The Bitcoin community, as a whole, thinks faucets are a fantastic idea. Crypto Faucet: Nonetheless, there are still a few qualms, and they include;

A low reward system

Everyone is talking about how “lucrative” Gavin Andresen’s “The Bitcoin Faucet” was since it gave each user five bitcoins. Even when adjusted for inflation, the benefits offered by some airdrop schemes were far beyond those of Bitcoin at the time. One big red flag is the poor reward structure of crypto faucets. The straightforward win of airdrops is well-explained.

High withdrawal threshold

Most consumers might think the minimum withdrawal amount is too high compared to the compensation per claim from the faucet. The standard minimum withdrawal amount from crypto faucets is $5, with hourly claims as low as $0.0003. After several failed attempts to reach the withdrawal limit, many faucet users stopped using the distribution scheme.

Are Crypto Faucets Trustworthy?

Are Crypto Faucets Trustworthy?

In addition to a notoriously low reward structure and an extremely high withdrawal threshold, crypto faucets have been through a lot throughout the years. From both the users’ and the owners’ perspectives, several incidents have shaken up faucet programs and shaken users’ faith in programs like them. People who utilize faucets have complained about hacking, Phishing, and fraud. Like other coins, faucets are vulnerable. Although there are many honest coin faucets, the public has lost faith in cryptocurrency faucets due to a few dishonest ones.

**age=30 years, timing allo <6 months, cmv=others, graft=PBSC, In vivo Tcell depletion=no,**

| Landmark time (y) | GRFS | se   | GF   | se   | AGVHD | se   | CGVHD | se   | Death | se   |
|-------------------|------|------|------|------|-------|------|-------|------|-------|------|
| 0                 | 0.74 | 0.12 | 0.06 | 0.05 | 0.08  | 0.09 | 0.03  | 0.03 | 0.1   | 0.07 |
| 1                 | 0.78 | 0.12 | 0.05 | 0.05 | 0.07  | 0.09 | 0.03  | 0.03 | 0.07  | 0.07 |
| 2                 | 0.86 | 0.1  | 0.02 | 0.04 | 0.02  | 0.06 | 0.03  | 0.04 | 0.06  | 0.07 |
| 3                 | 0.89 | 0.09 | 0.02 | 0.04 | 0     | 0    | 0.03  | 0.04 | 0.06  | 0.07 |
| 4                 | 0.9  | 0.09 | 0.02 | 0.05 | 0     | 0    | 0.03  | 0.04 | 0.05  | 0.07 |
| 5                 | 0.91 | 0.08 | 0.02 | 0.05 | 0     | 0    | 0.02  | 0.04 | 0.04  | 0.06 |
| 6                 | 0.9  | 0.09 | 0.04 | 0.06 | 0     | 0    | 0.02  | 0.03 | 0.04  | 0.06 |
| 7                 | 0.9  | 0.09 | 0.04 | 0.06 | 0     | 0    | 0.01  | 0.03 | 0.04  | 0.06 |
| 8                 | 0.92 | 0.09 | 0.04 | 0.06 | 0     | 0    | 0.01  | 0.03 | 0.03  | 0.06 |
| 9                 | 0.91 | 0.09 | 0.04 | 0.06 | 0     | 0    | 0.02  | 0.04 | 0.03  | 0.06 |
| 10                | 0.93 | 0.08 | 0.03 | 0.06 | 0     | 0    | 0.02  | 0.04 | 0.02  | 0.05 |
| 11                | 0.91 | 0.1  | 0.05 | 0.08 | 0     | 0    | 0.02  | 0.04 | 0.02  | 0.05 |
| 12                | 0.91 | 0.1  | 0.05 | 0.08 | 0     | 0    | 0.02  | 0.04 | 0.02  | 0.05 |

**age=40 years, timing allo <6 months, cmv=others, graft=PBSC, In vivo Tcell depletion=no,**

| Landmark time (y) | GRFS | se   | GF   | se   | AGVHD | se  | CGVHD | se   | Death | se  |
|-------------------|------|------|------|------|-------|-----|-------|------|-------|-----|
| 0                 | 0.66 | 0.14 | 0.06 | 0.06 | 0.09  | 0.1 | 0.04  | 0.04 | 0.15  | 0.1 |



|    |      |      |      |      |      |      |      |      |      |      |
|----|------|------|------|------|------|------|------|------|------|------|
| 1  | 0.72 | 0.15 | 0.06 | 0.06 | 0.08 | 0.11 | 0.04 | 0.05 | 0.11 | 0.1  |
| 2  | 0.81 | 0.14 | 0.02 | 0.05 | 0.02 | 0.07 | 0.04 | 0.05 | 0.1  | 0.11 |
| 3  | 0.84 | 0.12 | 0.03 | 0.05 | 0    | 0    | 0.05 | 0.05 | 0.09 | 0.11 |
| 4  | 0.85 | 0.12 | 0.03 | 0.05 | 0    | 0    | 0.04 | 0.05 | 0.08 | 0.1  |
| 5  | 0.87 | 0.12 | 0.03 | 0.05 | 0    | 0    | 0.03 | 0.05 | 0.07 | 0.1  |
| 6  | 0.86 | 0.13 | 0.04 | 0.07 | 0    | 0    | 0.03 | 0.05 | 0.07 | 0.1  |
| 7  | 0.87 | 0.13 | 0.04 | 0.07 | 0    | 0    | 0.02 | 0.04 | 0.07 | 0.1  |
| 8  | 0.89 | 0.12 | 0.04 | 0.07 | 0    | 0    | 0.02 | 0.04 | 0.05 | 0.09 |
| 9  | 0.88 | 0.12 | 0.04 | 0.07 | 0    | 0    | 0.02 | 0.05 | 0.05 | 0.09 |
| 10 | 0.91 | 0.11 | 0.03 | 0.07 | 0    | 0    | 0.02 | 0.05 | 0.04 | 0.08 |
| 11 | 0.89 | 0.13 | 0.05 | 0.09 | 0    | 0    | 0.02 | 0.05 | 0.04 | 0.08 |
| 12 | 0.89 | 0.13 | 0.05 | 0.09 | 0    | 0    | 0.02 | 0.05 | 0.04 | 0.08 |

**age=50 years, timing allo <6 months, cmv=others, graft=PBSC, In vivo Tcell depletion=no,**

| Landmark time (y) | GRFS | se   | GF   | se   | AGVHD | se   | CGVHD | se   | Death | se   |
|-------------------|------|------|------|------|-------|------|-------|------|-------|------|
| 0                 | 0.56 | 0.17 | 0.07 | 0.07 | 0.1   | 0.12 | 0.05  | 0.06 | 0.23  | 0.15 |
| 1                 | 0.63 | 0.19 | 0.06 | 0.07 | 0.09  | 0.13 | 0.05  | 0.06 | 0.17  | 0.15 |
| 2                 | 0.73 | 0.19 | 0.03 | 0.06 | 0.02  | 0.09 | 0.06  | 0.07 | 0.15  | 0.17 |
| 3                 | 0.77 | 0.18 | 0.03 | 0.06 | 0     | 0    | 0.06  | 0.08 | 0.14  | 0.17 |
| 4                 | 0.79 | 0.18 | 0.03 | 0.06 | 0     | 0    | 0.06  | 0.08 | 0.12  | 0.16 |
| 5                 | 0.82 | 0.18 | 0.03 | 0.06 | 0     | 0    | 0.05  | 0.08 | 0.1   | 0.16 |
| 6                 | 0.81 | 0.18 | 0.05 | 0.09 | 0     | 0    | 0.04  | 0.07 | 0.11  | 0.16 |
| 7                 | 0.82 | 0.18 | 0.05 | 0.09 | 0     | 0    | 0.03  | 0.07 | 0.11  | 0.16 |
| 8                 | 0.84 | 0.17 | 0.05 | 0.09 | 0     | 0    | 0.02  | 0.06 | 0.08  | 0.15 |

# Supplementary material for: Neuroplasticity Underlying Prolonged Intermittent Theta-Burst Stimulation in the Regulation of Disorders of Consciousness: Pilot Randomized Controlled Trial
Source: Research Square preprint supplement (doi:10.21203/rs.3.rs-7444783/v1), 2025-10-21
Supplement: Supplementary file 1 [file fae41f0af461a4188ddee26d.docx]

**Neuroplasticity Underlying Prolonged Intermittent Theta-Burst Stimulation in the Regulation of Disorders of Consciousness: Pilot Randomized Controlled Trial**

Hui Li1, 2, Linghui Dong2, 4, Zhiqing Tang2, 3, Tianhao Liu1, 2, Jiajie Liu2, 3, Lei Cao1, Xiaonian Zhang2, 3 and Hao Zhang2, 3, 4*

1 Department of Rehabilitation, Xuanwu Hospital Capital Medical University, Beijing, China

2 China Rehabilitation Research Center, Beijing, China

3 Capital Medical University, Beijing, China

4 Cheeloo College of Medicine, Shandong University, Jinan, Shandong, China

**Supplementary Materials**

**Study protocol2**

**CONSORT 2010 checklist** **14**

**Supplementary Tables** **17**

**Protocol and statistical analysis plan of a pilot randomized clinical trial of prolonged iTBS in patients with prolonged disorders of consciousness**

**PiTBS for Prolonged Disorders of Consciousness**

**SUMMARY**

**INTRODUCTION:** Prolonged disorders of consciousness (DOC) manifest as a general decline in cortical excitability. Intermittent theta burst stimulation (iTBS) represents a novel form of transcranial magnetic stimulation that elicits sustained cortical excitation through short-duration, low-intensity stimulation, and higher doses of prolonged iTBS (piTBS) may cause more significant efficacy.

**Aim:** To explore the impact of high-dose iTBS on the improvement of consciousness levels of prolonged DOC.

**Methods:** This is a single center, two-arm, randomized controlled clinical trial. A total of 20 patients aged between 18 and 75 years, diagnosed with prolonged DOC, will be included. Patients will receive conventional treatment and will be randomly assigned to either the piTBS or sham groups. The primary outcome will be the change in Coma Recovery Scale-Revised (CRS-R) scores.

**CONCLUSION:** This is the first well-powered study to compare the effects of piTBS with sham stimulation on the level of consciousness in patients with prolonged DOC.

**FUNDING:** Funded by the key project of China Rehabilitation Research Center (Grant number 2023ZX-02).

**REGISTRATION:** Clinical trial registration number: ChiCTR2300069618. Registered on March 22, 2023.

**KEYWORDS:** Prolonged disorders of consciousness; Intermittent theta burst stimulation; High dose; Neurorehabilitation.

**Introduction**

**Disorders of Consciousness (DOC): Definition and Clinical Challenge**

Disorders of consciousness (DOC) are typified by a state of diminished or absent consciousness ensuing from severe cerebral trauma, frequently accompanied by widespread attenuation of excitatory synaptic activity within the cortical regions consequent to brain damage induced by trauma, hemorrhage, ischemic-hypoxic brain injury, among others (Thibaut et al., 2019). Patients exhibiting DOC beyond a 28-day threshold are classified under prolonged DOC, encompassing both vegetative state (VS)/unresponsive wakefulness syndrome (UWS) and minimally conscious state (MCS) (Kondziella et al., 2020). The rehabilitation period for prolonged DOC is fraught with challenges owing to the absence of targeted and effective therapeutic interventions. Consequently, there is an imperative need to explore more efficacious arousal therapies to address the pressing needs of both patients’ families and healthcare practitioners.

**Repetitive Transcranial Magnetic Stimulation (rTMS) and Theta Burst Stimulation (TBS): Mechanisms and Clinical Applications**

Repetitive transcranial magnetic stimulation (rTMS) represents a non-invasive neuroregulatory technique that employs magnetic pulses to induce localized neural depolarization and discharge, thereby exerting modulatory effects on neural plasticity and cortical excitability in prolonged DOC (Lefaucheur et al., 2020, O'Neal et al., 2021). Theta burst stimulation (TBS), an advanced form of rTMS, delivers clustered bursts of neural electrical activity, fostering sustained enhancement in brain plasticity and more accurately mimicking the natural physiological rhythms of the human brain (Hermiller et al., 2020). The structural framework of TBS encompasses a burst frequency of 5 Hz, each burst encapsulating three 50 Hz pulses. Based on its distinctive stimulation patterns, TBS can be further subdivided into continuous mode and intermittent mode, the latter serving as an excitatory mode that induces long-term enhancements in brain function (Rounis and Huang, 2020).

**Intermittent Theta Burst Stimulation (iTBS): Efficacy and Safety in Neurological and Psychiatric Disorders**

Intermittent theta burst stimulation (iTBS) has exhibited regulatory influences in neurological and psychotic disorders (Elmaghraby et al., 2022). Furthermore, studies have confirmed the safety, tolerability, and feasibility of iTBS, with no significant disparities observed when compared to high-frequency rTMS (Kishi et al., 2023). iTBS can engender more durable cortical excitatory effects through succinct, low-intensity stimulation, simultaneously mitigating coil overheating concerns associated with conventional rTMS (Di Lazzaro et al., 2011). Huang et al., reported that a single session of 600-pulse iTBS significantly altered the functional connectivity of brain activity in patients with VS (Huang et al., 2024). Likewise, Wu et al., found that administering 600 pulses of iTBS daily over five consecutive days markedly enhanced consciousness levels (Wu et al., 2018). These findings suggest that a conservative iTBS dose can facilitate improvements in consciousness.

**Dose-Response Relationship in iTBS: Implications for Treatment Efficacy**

Some common faucet scams involve suspicious people pretending to be the owners of the faucet sites and the inability to withdraw earned money, even when they exceed the minimum withdrawal amount. Users can be taken advantage of by some faucets that require payment for registration. Malicious faucet software may lead users to bogus mining sites and phishing URLs. In addition to the possibility of losing money to phishing schemes, users face the danger of not benefiting from the faucet program.

How to Avoid Crypto Faucet Scams

How to Avoid Crypto Faucet Scams

Being socially and safety conscious is essential for avoiding faucet scams. Learn the signs of a faucet scam so you don’t fall victim.

Beware of dubious faucet promises